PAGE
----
Ignoring Unwanted Behaviour – Does It Work?

This continues to be an area of confusion for many owners, and no wonder, for the answer can be yes OR no! It depends on the situation.

Let’s use the example of a dog who jumps all over you when you get home or when you go outside. My clients often tell me that the advice that were told or have been following is to ignore the behaviour ie “turn your back” or “turn away” and then praise the dog when they sat down or stopped doing it.  I then ask if it has worked.


Occasionally clients say yes it worked exactly as they had hoped. Usually however, the responses range from “no it’s actually worse” or “no, then he just jumps on my back”, to “it’s getting better, a few months ago it was much worse” I’m constantly baffled by this. What trainer would expect a solution to a simple issue to take months? A complex behaviour sure, but stuff like “don’t jump on me” (or “don’t bark at me for attention” or “don’t stare at me for food”) is as basic as you get. Dogs are smart. They learn fast. It shouldn’t take a dog months to accept that they aren’t allowed to jump on you. So what’s happening?

Let’s look at the basic psychology of motivation. Real motivation can only come from within, so our goal is to help the dog choose differently based on the result of his behaviour. Your dog has to ‘own’ the decision and have decided it’s the better option for HIM.

Here’s another example. If a child steals cookies and the adult actively ignores him, is this going to persuade him to stop? No way. He’s getting what he wants! However, if he has a tantrum in order to get the cookies and the adult ignores him, yes, it’s likely to work. He’ll quickly work it out it doesn’t result in cookies and change his approach.
What about waiting for the dog to stop the unwanted behaviour and THEN rewarding them? Again, this is unrealistic a large part of the time. If a child draws all over your wall for fun, and you ignore her, will she stop? Not likely! What about waiting for her to stop and then giving her a lolly when she does? Do you see how this can actually make things worse or even encourage the unwanted behaviour? It won’t take long for her to work out that if she draws on the wall, she’ll get a lolly.

(Please keep in mind that in order for you to actively modify a behaviour, you need to be able to provide your dog with feedback immediately so they understand ( I call it ‘link and learn’). A dog who is displaying unwanted behaviour in the backyard while you’re out is effectively being ignored, and usually rewarded as well, as it will be alleviating the dog’s stress. Unfortunately, you can’t give negative feedback on your return as it’s too late.  No link therefore no learn).

A dog is naturally concerned with the outcome of a situation ie whether the result is a positive or negative experience for them. We first need to do our best to work out WHY the behaviour is occurring in the first place. If your dog jumps up on you purely from exuberance or to get your attention, and you ignore her, it may work, as the reason she was doing it was to get attention and it didn’t work. However if your dog jumps on you to test whether she can trash your personal space and confirm she is a stronger energy than you, and you ignore her, in her mind she has been successful and it makes sense she’ll keep doing it. Seems logical to me! Ironically, if you also react with frustration such as “stop it! urghhhh!!!” or retreat (turning away or stepping back) when your dog jumps up, it will encourage them. It’s still not negative for your dog! It’s probably negative for you, but that’s not going to motivate your dog to stop. Swap it over! Jumping on you needs to lose its appeal, and fast. Stay calm and centred (stay out of it emotionally and act as if you really don’t care one way or another) and PHYSICALLY set it up to be negative for your dog. Think along the lines of touching something hot, or leaning on a cactus. I often use a spray bottle or a flick of a tea towel but you can get as creative as you like. That’s it! All you need to do is give your dog some negative feedback and let them work it out for themselves. It might be little or it might be a lot, depending on your dog.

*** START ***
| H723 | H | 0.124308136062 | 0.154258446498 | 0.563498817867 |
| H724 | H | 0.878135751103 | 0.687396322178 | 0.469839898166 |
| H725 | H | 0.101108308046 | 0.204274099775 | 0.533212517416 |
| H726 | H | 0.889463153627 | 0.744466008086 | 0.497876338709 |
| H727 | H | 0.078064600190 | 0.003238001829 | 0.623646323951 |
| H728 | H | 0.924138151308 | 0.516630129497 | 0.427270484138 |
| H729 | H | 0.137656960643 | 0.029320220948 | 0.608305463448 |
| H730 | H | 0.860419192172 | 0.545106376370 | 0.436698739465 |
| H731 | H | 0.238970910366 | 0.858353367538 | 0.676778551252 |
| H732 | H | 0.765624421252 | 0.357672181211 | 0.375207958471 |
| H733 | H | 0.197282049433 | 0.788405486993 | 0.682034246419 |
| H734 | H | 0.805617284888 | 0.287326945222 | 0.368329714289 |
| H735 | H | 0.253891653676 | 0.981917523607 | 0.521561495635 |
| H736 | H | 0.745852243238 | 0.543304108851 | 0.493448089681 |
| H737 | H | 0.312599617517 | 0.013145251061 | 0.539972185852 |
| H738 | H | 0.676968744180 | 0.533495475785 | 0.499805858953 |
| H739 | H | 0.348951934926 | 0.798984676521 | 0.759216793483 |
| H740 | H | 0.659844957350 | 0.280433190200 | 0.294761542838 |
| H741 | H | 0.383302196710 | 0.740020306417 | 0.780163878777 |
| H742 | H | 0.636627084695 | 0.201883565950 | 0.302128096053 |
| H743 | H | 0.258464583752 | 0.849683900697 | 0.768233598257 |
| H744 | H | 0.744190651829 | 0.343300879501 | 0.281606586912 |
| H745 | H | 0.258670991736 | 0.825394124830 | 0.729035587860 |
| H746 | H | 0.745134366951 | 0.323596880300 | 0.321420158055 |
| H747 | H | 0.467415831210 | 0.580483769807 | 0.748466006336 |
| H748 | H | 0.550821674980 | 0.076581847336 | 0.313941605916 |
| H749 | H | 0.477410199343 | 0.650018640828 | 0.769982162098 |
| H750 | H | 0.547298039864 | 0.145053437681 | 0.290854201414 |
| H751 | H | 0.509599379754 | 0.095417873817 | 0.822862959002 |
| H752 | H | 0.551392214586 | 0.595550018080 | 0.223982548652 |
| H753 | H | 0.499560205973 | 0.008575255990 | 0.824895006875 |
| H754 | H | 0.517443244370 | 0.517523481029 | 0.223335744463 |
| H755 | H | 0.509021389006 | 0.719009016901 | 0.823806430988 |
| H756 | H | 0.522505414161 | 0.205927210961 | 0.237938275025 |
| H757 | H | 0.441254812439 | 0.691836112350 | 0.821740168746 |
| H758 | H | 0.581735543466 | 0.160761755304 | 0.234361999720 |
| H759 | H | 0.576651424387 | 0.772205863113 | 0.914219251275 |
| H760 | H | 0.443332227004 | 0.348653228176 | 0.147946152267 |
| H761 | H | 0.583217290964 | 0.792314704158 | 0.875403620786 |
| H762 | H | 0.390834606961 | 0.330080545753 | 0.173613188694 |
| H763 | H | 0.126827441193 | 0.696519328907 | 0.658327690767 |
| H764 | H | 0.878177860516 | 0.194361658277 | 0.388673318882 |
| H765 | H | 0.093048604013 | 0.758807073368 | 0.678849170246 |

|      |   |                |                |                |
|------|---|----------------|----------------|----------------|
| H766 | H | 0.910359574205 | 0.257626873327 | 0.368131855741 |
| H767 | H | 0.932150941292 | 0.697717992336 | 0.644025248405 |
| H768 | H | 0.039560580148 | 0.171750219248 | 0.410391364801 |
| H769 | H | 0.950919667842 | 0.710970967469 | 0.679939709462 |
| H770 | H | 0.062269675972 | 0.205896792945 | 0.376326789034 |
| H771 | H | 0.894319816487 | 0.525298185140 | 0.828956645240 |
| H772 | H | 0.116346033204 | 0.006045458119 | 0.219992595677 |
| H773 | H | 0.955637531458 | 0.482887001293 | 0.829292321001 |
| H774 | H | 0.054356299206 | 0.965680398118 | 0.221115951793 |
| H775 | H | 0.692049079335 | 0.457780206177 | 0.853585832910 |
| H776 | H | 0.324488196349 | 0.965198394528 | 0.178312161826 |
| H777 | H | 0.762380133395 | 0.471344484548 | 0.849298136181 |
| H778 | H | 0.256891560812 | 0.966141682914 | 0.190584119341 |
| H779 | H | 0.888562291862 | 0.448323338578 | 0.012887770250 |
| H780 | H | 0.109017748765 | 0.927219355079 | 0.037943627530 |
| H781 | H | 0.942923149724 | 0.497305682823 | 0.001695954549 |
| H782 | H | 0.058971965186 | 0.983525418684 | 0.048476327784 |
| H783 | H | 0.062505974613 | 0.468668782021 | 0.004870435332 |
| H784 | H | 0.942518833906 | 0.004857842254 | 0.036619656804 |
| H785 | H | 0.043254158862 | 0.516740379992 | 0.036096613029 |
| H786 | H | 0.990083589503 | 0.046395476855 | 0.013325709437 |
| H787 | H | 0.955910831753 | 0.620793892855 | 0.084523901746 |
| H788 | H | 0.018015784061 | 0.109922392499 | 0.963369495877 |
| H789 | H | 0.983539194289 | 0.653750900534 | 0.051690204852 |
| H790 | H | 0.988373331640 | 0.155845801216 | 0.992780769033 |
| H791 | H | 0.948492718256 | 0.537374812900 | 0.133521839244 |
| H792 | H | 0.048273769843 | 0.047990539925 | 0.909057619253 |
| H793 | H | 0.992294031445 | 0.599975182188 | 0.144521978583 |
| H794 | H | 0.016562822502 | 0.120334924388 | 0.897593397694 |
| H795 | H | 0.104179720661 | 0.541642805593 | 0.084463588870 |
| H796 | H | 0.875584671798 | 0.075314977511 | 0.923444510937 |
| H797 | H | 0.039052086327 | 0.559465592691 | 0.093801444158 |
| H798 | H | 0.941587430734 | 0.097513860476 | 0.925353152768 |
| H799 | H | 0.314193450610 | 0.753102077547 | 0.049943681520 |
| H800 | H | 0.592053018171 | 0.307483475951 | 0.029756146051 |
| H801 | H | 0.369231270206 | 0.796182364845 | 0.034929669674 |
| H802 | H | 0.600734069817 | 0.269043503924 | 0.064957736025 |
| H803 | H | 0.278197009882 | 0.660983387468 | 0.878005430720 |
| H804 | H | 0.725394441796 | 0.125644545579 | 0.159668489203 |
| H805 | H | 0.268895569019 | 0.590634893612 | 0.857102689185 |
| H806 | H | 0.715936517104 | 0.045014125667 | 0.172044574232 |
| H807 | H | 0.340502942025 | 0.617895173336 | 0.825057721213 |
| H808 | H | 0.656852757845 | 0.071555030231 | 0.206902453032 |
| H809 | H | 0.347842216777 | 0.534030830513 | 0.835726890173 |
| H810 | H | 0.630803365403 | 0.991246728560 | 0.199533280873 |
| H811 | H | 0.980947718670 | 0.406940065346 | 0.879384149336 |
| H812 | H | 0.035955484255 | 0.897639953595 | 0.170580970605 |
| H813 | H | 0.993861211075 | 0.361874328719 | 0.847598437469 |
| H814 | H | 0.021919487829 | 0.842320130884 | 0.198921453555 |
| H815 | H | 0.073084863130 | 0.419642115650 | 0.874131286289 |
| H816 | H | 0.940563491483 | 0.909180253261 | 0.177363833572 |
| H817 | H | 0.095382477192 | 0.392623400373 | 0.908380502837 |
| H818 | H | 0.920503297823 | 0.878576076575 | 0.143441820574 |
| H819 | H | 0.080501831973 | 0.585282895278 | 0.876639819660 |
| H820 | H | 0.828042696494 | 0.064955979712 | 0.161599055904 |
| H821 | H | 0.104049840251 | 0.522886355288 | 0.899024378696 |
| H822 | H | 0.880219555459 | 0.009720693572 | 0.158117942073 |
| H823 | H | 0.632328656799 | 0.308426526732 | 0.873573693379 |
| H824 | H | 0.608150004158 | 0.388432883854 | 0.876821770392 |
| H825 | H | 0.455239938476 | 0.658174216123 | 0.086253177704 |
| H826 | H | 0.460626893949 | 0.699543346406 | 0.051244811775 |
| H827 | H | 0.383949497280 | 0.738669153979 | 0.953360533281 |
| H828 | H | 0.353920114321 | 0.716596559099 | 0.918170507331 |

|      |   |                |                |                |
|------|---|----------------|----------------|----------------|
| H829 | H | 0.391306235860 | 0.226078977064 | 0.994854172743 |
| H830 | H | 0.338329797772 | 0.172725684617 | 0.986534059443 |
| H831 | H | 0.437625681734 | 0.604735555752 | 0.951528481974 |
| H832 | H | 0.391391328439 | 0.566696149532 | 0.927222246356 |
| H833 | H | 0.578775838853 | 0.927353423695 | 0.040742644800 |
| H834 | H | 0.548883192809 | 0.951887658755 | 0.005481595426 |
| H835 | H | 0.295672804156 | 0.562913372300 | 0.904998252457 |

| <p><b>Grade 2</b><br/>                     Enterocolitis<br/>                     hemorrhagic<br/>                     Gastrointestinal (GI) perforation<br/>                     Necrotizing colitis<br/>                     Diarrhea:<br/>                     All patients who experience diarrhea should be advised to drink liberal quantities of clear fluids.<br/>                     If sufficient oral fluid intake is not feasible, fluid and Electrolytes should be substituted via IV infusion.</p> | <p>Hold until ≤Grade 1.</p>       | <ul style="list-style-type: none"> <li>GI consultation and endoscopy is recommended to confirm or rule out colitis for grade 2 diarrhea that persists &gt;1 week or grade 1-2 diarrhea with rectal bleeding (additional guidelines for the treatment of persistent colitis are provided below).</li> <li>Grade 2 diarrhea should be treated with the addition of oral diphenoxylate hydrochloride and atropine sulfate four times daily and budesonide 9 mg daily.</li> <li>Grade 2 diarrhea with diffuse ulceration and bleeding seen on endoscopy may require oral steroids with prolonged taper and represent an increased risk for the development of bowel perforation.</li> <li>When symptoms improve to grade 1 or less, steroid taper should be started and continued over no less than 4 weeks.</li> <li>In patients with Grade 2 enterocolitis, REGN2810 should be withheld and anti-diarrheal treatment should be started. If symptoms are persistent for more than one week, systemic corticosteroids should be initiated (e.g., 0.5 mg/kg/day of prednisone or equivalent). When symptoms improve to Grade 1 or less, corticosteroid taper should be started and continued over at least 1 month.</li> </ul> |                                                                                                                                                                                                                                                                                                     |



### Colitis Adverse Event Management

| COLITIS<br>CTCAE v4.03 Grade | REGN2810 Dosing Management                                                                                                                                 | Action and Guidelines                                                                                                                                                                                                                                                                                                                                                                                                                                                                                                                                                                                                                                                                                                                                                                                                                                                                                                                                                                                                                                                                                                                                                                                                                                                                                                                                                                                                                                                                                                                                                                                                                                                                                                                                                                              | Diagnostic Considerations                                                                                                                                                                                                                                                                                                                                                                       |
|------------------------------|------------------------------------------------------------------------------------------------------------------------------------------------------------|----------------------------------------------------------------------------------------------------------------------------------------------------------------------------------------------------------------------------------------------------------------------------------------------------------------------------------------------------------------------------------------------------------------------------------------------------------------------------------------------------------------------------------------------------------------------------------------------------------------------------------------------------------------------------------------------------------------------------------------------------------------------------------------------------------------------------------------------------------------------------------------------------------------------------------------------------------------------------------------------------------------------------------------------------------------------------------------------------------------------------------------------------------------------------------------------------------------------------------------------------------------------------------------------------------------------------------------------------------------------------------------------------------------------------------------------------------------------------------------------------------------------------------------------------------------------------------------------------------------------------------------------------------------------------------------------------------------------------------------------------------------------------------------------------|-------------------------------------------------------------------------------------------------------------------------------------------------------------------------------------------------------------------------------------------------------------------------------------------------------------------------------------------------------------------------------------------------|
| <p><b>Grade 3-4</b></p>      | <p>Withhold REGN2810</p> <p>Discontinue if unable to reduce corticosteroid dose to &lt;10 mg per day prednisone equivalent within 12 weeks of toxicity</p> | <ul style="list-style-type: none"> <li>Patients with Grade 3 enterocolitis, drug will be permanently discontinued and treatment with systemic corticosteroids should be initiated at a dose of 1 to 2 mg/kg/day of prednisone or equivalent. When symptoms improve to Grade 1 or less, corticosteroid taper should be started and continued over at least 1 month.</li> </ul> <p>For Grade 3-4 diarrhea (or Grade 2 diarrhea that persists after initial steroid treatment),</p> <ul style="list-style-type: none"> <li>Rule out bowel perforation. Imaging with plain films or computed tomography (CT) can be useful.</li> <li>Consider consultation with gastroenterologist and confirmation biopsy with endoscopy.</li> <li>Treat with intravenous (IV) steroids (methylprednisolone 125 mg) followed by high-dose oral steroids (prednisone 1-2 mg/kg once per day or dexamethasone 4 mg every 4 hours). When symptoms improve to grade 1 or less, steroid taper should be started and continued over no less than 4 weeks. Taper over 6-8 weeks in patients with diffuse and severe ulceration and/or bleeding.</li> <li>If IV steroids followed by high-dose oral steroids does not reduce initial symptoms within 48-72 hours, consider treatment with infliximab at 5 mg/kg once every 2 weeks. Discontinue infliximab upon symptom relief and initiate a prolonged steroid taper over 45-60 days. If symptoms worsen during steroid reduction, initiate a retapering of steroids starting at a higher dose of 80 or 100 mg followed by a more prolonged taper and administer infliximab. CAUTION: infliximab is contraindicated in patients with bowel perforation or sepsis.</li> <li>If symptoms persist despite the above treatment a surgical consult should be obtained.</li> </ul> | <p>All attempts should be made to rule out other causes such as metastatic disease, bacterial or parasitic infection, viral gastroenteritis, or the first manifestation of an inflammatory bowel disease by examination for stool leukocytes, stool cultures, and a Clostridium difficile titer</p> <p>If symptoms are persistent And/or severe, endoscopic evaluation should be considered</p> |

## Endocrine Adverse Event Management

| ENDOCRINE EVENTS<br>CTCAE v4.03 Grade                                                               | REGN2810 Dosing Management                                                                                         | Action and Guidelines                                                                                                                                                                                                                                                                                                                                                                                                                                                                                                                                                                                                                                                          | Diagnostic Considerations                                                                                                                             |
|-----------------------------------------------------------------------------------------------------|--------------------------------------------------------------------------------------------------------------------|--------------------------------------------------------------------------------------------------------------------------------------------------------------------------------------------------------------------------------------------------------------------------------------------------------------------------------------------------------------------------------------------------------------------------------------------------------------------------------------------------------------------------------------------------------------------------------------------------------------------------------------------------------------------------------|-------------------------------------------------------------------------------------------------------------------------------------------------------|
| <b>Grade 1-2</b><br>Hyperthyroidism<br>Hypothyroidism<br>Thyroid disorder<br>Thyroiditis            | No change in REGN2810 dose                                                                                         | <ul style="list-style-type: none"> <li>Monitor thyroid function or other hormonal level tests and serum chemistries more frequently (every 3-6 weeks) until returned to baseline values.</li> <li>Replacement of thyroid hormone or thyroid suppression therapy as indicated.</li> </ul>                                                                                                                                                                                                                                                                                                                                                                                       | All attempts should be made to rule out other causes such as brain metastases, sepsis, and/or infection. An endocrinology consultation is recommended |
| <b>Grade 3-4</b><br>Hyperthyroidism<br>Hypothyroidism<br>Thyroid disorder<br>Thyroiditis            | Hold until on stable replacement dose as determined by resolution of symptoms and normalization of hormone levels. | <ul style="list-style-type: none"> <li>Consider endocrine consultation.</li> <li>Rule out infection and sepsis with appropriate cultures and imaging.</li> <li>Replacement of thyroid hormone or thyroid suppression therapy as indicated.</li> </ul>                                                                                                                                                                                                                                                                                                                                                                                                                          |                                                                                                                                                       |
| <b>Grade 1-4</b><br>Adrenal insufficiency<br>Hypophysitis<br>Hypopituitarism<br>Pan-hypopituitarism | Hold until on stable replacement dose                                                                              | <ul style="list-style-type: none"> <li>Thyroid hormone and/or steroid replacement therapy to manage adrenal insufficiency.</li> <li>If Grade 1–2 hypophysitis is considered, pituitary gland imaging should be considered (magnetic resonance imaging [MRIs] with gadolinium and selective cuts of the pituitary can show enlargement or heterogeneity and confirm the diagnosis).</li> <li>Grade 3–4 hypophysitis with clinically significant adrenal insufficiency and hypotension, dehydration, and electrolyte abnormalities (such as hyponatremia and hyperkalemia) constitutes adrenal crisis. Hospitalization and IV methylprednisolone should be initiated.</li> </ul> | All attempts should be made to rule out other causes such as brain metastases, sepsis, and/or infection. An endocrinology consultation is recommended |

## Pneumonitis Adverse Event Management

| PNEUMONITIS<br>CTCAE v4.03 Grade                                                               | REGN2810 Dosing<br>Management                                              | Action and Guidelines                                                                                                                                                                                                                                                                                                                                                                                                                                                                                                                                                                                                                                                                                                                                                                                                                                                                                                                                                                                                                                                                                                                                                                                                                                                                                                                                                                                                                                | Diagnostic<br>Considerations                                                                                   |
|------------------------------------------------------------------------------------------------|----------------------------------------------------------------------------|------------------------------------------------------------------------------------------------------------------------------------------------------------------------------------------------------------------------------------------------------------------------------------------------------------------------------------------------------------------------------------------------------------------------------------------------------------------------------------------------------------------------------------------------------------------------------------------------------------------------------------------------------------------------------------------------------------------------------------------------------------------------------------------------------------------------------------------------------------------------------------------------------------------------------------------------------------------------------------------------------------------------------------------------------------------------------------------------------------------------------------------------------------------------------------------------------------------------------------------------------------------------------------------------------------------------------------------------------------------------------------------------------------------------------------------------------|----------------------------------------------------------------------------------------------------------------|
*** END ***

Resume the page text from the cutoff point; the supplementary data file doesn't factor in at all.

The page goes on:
The Golden Rule is : Always be as gentle as you can be, but be prepared to go as high as you need to. This way you will always find the appropriate level for your dog, and not be in danger of ever causing fear or pain, whether you have a chihuahua or a mastiff. For more help with this, please read my article The Gift Of Consequence

Remember, the definition of insanity is doing the same thing over and over and expecting a different result! If you have worked out by now that ignoring your dog’s behaviour isn’t working for you, the great news is that you can turn it around fairly quickly. Dogs naturally live in the moment, so they are able to let go and move on much faster than us and will quickly respond to the new feedback you are giving. A few days is all it should take for the new message to sink in, and it should continue as long as you continue to give the new feedback. If you revert to your old behaviour, in most cases, so will your dog.

The point is, there’s no need to be waiting or struggling for months to change most simple everyday behaviours. There’s way more to owning and enjoying a dog than nagging and going around in circles hoping things will change. Educate and empower yourself with the best knowledge you can afford, and if you hit hurdles, get professional help and move on.

If you feel you and your dog would benefit from in-home dog training, Get in touch with SitDropStay in your area.